How has the pandemic impacted Sonic’s business overall?

Starting in mid-April, we have seen our same-store sales perform in the area of 20-30 percent increases. Our drive-through model facilitates this. It’s all about the experience of eating in the comfort of your car. You can pull into the drive-in any time and you’re in control of the process.

At the same time, our carhop service still provides an element of human connection that’s so needed right now since we all feel so isolated. Any human connection is meaningful.

Inspire Brands

Take a look at what Sonic’s parent company, Inspire Brands, is doing to breed customer affinity here.

Technology played a role too, right?

Yes. In August we launched our order-ahead app to suit the lifestyle needs of our customers. You order what you want and customize your food as you want it. If you want a BLT that’s not even on the menu, we’ll make it for you. You decide when and where, and you pick up and pay through the app. Once you get to the app, you check in and the carhop delivers your food. You don’t even have to wait in the drive-through line. The food is ready and waiting for you.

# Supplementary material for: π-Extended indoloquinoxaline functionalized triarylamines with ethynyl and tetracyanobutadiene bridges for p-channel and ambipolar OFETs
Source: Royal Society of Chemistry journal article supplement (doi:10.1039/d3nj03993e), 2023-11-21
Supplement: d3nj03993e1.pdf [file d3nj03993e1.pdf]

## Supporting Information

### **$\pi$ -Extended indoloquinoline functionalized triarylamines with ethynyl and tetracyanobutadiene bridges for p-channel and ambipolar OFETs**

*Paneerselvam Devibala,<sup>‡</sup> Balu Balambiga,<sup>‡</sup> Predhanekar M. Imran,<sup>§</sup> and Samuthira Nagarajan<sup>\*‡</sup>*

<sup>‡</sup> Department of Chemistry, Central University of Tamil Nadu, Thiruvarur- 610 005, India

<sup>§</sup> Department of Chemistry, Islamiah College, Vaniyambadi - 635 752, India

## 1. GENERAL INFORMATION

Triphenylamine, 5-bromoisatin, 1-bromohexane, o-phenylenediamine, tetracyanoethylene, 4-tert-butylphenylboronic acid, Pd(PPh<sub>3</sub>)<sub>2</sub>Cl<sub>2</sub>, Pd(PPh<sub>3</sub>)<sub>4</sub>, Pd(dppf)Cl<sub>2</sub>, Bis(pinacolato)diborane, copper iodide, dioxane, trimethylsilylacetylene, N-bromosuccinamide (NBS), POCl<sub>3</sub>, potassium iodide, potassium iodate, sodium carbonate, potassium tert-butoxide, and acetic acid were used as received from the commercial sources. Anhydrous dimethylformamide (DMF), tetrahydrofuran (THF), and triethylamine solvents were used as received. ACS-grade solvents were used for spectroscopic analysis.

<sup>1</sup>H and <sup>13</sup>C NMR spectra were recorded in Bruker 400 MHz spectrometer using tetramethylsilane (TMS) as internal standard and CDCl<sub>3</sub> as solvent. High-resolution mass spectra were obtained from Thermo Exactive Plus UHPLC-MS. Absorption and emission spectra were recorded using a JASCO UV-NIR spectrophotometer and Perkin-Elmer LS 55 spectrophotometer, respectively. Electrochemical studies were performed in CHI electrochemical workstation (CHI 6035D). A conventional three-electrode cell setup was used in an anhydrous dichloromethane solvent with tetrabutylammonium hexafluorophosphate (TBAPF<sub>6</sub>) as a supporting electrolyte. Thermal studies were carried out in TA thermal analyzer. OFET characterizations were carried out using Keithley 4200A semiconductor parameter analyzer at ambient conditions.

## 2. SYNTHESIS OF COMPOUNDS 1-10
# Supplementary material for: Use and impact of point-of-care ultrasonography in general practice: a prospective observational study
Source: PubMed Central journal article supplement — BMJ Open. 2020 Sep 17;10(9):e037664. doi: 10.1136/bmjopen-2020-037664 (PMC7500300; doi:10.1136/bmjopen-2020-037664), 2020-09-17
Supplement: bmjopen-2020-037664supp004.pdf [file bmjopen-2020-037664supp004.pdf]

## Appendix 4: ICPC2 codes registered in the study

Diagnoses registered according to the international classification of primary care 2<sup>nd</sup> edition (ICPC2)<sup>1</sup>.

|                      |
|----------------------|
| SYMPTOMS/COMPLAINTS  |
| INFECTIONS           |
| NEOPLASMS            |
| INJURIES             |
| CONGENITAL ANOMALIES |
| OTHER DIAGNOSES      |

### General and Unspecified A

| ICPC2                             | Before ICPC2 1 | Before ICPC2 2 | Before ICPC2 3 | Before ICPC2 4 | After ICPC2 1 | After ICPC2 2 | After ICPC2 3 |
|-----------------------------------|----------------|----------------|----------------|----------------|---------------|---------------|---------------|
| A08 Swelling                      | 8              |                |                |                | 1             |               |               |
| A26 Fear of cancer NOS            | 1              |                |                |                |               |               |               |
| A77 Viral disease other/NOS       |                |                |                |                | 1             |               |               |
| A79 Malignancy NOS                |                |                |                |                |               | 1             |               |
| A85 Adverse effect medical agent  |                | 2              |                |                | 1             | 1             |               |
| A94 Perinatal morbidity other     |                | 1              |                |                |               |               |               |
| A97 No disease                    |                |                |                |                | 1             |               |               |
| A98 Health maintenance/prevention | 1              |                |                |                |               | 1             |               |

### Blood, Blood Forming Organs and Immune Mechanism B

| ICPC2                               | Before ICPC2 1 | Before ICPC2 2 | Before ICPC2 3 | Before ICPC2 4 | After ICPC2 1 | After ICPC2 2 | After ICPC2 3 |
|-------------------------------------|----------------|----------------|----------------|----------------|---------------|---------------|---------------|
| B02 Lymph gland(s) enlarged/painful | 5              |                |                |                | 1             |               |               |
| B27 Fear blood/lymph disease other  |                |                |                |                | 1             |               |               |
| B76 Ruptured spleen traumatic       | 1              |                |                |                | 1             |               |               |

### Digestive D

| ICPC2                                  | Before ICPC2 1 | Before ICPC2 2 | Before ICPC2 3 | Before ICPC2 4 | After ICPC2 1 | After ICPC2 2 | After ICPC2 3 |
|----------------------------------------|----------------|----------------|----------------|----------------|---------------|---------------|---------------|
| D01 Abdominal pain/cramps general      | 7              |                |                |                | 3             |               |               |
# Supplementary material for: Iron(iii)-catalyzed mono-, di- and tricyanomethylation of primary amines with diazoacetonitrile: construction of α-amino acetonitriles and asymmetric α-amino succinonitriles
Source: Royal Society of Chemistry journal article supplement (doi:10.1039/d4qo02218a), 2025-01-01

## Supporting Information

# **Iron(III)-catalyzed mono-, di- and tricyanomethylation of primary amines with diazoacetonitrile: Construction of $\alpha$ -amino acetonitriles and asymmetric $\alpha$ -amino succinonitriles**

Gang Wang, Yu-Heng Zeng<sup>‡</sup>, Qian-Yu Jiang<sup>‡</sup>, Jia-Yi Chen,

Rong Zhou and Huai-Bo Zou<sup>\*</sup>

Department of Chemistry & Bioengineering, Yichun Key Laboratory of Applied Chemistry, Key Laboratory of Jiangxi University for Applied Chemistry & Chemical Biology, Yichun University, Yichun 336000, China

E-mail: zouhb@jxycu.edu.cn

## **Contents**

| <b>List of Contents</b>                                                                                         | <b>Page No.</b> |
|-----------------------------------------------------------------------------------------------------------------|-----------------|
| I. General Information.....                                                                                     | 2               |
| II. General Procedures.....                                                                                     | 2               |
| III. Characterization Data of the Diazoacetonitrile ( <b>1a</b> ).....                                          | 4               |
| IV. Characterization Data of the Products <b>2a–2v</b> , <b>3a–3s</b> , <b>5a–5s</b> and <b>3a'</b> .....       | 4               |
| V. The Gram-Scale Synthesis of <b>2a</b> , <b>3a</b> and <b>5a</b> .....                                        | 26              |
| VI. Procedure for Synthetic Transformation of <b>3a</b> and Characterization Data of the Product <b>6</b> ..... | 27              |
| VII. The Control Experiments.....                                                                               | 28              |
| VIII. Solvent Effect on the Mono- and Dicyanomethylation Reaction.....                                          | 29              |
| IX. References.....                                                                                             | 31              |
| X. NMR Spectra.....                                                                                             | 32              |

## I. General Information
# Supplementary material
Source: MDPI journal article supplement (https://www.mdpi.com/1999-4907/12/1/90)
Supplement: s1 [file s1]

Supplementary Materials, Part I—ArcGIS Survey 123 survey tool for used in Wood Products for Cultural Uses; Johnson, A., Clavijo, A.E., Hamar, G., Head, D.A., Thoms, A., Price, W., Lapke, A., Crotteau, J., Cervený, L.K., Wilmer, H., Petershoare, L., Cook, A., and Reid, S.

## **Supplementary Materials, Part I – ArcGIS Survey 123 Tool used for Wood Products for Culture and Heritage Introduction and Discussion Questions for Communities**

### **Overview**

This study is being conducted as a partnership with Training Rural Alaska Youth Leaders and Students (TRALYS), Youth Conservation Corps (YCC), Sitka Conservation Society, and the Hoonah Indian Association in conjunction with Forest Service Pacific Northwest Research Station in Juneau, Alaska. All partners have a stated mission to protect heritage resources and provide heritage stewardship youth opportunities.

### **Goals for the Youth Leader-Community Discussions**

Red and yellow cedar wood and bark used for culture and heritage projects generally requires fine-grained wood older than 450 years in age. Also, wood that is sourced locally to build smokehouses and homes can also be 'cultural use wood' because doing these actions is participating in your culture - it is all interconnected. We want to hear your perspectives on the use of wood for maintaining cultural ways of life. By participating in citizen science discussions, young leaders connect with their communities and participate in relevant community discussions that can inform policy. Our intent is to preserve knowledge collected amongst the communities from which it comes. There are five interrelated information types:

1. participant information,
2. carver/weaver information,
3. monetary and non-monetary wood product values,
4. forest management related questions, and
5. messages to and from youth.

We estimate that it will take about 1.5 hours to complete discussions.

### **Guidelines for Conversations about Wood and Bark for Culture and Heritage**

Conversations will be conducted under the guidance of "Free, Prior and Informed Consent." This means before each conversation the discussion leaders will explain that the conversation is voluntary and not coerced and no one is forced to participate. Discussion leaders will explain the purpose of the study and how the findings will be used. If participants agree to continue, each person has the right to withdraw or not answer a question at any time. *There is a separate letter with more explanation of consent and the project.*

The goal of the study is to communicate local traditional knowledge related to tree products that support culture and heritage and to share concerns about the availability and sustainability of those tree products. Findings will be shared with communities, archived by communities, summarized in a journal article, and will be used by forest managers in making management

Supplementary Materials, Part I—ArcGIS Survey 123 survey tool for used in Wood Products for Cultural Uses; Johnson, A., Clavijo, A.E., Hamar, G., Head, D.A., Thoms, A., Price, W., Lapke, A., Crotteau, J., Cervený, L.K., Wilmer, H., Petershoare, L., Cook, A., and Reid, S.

What other key takeaways does Sonic have from the pandemic?

One key takeaway is the incredibly important role restaurants play during times like this. We not only feed our guests and supply jobs, but we’re there for the community. We really are a human connection point. While technology has helped us do business, the ability to be able to connect with people in a healthy way is vital. 

“While technology has helped us do business, the ability to be able to connect with people in a healthy way is vital.”

Claudia San Pedro

How did the pandemic impact your staffing?

We saw a reduction in staffing, but we didn’t have to furlough or lay off anyone. We saw a reduction of people coming to work. Staffing is still a challenge. 

The nation is facing so many issues right now, including cultural issues for people of color. As an executive of color, how are you impacted?

Everything we’ve lived through over the past five to six months is a constant reminder that we still have a lot of work to do. We have to look hard at how we are doing and what we are doing to constantly improve.